by Chris Ciardello
When faced with a problem, it often helps to grab someone and talk it out. This is a great collaborative strategy to problem solving. Everyone has a different personality, and everyone sees the world in a different light. What happens when the problem you have is with another person? A common answer is, “I just need to vent, to get this off my chest.” The drawback with handling your problem with another person is that it now becomes gossip. Gossiping is a cancer in any work or social environment. It builds walls and divides teams.
A major subject in many jobsites and workplaces is conflict resolution. Every work environment has conflict, but not every organization handles it the same way. That is why it’s a topic that should be discussed clearly with your employees Workplaces are full of diverse personalities who communicate in unique ways. These differences in personalities are what make conflict resolution an uncomfortable and touchy subject.
The first step to successfully deal with conflict is to bring both parties together and have a meeting of the minds. The parties involved in the conflict need to sit down and talk it out.
Prior to this meeting the ground rules need to be explained.
There are four ground rules to successful conflict resolution.
• Rule #1: Each side must listen fully to the other side before responding. Often times when one party is explaining something that is bothering them the second party will feel defensive and want to jump in and explain why they did XYZ in order to justify their actions. There is nothing more frustrating when someone interrupts you, especially when trying to resolve a problem. The first person listens to everything the other person has to say, and then the second person will have their opportunity to explain their side. This process is repeated until both sides have sufficiently made their case.
• Rule #2: Identify the issues clearly, professionally, and concisely. Unless the issue is identified, a resolution cannot be found. In most cases an unrelated frustration is taken out on a co-worker and this can cause some tension. In some cases this kind of tension can simmer and slowly build up to a boil making it extremely important to have open communication with your co-workers. You may not always know what is going on in another person’s life, so try not to jump to conclusions.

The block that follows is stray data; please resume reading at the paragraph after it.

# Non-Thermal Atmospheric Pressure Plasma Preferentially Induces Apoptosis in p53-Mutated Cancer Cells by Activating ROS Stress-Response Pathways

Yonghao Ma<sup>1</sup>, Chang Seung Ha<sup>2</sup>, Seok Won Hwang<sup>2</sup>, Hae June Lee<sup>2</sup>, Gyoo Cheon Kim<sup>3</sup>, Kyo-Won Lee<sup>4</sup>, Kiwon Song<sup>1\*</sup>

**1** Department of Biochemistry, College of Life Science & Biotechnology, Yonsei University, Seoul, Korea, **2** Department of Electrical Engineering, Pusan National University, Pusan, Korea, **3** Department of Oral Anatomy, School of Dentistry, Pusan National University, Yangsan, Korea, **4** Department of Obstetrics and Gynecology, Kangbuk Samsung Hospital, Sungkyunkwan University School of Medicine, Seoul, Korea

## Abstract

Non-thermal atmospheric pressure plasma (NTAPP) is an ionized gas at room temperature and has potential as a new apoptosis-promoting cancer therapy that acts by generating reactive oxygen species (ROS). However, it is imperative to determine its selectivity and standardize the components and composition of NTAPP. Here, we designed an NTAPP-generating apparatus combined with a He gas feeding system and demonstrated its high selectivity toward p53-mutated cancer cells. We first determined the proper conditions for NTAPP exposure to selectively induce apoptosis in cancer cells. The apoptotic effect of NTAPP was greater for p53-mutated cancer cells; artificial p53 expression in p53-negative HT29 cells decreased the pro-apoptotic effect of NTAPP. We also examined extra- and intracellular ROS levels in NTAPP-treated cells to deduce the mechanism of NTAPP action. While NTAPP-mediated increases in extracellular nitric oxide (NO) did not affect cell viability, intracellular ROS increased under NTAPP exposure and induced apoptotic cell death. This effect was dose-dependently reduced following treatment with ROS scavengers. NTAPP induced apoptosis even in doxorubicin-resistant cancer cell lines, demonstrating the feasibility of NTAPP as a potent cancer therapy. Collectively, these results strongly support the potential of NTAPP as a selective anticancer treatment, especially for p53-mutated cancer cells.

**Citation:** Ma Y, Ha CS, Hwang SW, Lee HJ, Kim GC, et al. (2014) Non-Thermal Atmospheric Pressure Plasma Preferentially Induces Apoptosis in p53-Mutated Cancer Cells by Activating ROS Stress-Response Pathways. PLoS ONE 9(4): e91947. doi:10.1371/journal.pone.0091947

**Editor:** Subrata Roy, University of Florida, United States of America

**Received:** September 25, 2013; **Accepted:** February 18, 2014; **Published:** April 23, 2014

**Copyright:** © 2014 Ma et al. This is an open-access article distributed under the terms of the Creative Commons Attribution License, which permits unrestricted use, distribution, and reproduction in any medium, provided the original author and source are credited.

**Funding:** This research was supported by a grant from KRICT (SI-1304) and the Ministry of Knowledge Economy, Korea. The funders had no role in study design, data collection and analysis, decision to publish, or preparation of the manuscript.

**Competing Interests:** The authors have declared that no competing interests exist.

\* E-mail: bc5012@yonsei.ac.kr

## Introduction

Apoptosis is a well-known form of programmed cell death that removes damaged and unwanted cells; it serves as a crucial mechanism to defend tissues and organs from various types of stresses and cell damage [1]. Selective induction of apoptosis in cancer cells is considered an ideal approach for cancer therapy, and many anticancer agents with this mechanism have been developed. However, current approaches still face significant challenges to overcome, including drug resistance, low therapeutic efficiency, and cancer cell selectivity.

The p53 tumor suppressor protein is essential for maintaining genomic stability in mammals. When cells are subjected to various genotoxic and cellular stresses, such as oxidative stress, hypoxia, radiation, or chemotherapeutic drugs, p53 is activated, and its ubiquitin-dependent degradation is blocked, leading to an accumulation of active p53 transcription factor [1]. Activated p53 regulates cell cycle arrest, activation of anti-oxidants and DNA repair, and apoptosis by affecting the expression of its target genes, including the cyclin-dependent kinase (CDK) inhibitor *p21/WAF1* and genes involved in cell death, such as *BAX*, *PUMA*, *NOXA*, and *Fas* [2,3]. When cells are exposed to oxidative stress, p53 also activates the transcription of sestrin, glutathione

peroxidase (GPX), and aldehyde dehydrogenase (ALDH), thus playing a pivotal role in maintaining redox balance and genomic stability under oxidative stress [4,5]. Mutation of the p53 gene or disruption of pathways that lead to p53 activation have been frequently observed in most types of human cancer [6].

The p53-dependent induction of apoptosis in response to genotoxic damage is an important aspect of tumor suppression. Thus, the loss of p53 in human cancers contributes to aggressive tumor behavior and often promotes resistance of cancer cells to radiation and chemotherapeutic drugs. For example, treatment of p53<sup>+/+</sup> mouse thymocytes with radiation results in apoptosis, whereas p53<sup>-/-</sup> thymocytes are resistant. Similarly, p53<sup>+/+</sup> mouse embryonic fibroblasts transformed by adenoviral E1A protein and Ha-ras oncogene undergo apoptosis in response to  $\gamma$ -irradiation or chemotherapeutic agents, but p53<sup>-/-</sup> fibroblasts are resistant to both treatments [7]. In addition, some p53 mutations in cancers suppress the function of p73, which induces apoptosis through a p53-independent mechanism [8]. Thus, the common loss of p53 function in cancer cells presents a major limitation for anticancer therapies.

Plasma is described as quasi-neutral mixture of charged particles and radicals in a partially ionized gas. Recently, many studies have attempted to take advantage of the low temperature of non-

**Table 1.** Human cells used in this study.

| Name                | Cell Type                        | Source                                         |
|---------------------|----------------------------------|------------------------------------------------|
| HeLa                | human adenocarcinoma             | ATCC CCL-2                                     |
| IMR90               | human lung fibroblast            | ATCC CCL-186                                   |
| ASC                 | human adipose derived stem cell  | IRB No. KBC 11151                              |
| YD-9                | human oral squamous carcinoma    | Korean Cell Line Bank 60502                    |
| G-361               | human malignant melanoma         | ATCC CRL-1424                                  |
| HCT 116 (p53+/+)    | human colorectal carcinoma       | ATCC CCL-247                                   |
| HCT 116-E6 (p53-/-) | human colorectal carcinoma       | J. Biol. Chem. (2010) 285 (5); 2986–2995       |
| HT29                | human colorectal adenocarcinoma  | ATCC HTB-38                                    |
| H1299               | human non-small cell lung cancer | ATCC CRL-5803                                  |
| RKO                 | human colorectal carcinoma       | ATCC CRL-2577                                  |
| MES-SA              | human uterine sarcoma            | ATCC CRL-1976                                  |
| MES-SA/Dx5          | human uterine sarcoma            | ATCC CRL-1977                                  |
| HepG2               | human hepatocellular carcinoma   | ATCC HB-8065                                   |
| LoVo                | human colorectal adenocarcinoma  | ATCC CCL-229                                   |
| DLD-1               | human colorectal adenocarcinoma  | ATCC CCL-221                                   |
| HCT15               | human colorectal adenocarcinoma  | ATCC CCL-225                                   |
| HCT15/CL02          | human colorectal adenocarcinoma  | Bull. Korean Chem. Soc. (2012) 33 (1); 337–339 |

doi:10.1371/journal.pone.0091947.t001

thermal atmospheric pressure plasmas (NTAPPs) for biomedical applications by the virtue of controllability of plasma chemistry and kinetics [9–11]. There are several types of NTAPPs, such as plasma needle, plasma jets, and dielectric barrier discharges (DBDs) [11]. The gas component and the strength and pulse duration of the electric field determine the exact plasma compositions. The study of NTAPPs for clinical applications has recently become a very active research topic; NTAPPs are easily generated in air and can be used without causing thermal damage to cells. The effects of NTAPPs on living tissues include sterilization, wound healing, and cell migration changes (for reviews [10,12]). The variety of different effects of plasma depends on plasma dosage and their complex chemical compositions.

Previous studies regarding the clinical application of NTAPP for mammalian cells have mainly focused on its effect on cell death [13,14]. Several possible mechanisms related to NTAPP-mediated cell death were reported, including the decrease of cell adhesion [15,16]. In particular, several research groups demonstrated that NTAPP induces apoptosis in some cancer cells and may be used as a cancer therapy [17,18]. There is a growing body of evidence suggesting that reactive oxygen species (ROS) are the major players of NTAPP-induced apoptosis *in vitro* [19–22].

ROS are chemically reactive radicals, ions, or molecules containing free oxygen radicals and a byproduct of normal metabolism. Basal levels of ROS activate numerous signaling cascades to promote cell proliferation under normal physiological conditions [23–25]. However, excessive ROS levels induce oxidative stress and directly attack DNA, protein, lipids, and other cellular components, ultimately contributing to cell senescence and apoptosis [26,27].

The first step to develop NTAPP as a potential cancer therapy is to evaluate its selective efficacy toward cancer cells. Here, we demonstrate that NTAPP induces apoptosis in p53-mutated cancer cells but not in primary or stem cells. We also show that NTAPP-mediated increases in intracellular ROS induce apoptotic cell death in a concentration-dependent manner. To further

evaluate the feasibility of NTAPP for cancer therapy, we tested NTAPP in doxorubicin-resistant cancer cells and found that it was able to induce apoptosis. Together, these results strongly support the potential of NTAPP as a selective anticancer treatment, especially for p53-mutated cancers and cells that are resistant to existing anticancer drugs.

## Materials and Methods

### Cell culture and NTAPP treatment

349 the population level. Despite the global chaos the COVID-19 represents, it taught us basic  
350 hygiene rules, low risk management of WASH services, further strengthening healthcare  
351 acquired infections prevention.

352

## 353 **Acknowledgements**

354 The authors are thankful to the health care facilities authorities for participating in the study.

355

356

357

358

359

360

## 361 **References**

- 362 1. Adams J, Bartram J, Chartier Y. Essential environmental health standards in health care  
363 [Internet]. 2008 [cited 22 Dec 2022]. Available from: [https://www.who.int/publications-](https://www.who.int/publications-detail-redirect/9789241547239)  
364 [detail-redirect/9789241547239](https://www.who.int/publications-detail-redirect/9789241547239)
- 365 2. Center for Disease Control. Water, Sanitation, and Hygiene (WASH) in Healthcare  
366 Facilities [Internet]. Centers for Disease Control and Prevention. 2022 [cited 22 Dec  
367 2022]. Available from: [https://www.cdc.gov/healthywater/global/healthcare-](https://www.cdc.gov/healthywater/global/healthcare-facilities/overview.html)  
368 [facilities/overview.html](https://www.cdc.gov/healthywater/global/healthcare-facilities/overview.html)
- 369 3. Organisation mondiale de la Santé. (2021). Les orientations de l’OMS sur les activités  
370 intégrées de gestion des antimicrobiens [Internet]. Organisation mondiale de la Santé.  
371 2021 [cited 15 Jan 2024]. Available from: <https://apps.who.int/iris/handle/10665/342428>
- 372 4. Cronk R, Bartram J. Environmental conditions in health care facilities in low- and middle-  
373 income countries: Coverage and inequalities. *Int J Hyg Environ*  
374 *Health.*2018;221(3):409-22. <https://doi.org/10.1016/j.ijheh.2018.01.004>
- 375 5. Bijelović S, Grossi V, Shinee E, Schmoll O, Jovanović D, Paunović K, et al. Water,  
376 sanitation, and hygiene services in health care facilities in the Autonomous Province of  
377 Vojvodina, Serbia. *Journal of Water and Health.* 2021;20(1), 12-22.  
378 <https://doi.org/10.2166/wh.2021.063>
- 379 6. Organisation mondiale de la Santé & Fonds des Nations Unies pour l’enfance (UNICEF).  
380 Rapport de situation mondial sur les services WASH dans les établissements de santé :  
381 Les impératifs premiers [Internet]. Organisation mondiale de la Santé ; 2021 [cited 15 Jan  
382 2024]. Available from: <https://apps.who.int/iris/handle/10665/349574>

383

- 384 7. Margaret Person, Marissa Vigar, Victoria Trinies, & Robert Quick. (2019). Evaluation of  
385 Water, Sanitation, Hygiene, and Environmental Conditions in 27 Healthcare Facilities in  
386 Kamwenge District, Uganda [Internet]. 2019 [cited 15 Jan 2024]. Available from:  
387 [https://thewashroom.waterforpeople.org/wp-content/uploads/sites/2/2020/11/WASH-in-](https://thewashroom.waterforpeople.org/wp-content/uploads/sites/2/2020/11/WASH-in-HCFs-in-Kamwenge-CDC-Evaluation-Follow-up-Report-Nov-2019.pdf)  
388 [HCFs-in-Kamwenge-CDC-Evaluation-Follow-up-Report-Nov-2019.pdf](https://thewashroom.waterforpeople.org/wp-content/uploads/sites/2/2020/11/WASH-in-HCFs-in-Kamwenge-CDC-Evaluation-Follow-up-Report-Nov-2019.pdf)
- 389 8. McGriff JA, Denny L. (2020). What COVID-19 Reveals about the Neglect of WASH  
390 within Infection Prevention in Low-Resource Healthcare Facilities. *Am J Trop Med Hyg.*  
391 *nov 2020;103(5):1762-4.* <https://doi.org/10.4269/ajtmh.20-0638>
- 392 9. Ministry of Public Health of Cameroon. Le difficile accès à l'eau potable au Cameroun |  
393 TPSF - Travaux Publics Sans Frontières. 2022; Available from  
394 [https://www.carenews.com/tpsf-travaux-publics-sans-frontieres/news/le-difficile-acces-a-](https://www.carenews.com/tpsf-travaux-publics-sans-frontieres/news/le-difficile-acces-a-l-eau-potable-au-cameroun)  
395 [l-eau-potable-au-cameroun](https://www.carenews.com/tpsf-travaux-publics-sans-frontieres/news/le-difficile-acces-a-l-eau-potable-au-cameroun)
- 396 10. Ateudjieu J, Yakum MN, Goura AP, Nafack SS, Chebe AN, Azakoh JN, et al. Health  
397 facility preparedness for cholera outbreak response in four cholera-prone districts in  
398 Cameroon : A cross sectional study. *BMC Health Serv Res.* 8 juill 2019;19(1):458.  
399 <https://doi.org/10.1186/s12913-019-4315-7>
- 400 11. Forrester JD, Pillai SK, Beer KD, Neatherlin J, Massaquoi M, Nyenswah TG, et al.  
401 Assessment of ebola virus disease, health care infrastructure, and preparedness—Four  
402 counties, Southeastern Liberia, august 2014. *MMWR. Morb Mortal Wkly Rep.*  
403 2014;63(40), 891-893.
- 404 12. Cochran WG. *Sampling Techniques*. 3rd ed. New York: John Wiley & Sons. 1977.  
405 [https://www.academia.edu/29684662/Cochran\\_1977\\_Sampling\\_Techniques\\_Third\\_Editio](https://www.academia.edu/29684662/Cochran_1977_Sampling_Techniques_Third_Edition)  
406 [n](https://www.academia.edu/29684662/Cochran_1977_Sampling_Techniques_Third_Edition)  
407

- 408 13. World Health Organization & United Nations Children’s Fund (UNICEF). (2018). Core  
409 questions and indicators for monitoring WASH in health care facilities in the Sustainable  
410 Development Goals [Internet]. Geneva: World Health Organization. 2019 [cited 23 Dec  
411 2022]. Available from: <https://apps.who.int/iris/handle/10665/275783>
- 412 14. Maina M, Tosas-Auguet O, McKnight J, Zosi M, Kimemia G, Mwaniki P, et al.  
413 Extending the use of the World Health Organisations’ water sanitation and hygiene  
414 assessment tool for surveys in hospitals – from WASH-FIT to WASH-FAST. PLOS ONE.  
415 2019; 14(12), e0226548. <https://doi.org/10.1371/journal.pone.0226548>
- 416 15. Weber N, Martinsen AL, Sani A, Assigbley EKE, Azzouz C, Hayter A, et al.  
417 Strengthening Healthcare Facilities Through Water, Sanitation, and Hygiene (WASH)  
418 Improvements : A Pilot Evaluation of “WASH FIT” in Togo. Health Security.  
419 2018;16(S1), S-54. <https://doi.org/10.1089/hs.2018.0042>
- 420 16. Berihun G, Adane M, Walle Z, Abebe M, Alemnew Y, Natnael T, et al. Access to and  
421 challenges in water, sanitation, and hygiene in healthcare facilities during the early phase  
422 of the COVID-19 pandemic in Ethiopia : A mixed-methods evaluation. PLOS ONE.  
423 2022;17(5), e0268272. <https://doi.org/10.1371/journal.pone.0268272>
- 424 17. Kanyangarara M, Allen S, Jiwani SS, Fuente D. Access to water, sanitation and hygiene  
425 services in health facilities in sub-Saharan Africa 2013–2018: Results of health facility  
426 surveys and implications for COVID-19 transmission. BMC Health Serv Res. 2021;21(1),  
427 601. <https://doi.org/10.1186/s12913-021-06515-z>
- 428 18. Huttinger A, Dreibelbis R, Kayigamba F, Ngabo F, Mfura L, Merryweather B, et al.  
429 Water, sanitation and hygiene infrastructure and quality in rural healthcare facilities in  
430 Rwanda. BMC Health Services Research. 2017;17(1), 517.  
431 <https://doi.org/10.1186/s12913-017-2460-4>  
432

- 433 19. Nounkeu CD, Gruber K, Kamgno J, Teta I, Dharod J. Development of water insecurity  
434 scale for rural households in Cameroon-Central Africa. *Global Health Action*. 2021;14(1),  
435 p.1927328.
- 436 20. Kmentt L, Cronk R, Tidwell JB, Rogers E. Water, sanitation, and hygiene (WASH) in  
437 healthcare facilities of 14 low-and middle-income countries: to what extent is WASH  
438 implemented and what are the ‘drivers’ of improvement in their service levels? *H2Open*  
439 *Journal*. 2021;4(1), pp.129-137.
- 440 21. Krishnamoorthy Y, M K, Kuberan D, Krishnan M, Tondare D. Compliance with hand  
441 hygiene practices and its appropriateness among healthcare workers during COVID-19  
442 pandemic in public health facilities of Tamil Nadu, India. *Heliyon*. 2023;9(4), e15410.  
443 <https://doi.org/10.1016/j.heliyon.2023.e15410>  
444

• Rule #3: When both parties meet to discuss their issues, they are only allowed to use “I” statements. “I felt ignored at the meeting this morning when I was trying to explain the details about XYZ.” Framing an issue you have with another person with an “I” statement helps to bring their defenses down so that a resolution can be found among the conflict. ‘You’ statements tend to put people on the defensive because they feel like their integrity is under attack.
“You never fuel up the equipment at the end of the day.”
“You never pick up the trash around the job site.”
When someone starts to get on the defensive they stop hearing everything that is being said. They are focusing on how to defend their integrity. “I” statements diffuse anger and assault.
“I get annoyed when I have to fuel up the equipment before beginning the day’s project.”
“I feel as though I’m the only one picking up trash at the end of the shift.”
When you bring the problem back to how it makes you feel it will bring guards down and a conversation can begin.
• Rule #4: The final and most important rule is that there are no personal attacks, name-calling or finger pointing. These are a sure fire way to get the other person on the defensive, and there is just no need for petty attacks. When voices rise, the control of the conversation is lost. This prevents both parties from being able to continue the conversation with a level head. As soon as the voices raise each side needs to pause (maybe even step a side for a few moments) to gain their composure so that a civil conversation may continue.
Having conflict on the job is ok. However, preventing conflict from turning into heated conflict is crucial to avoid division in your workforce. If a resolution cannot be found with the two parties sitting down and talking it out, then it is time to bring in a mediator. Whoever it is needs to remain as neutral as Switzerland. The mediator cannot and should not pick sides, and the same ground rules apply. Everyone wants to work in a comfortable environment, so it’s important to talk it out.
ABOUT THE AUTHOR:
Chris Ciardello is a practice management consultant with Global Team Solutions. Passionate about sharing his expertise in technology and marketing, Chris has a distinctive knack for understanding the needs of work environments and assisting companies in building productive, cohesive teams. For more information on Chris Ciardello, please visit: www.GTSGurus.com.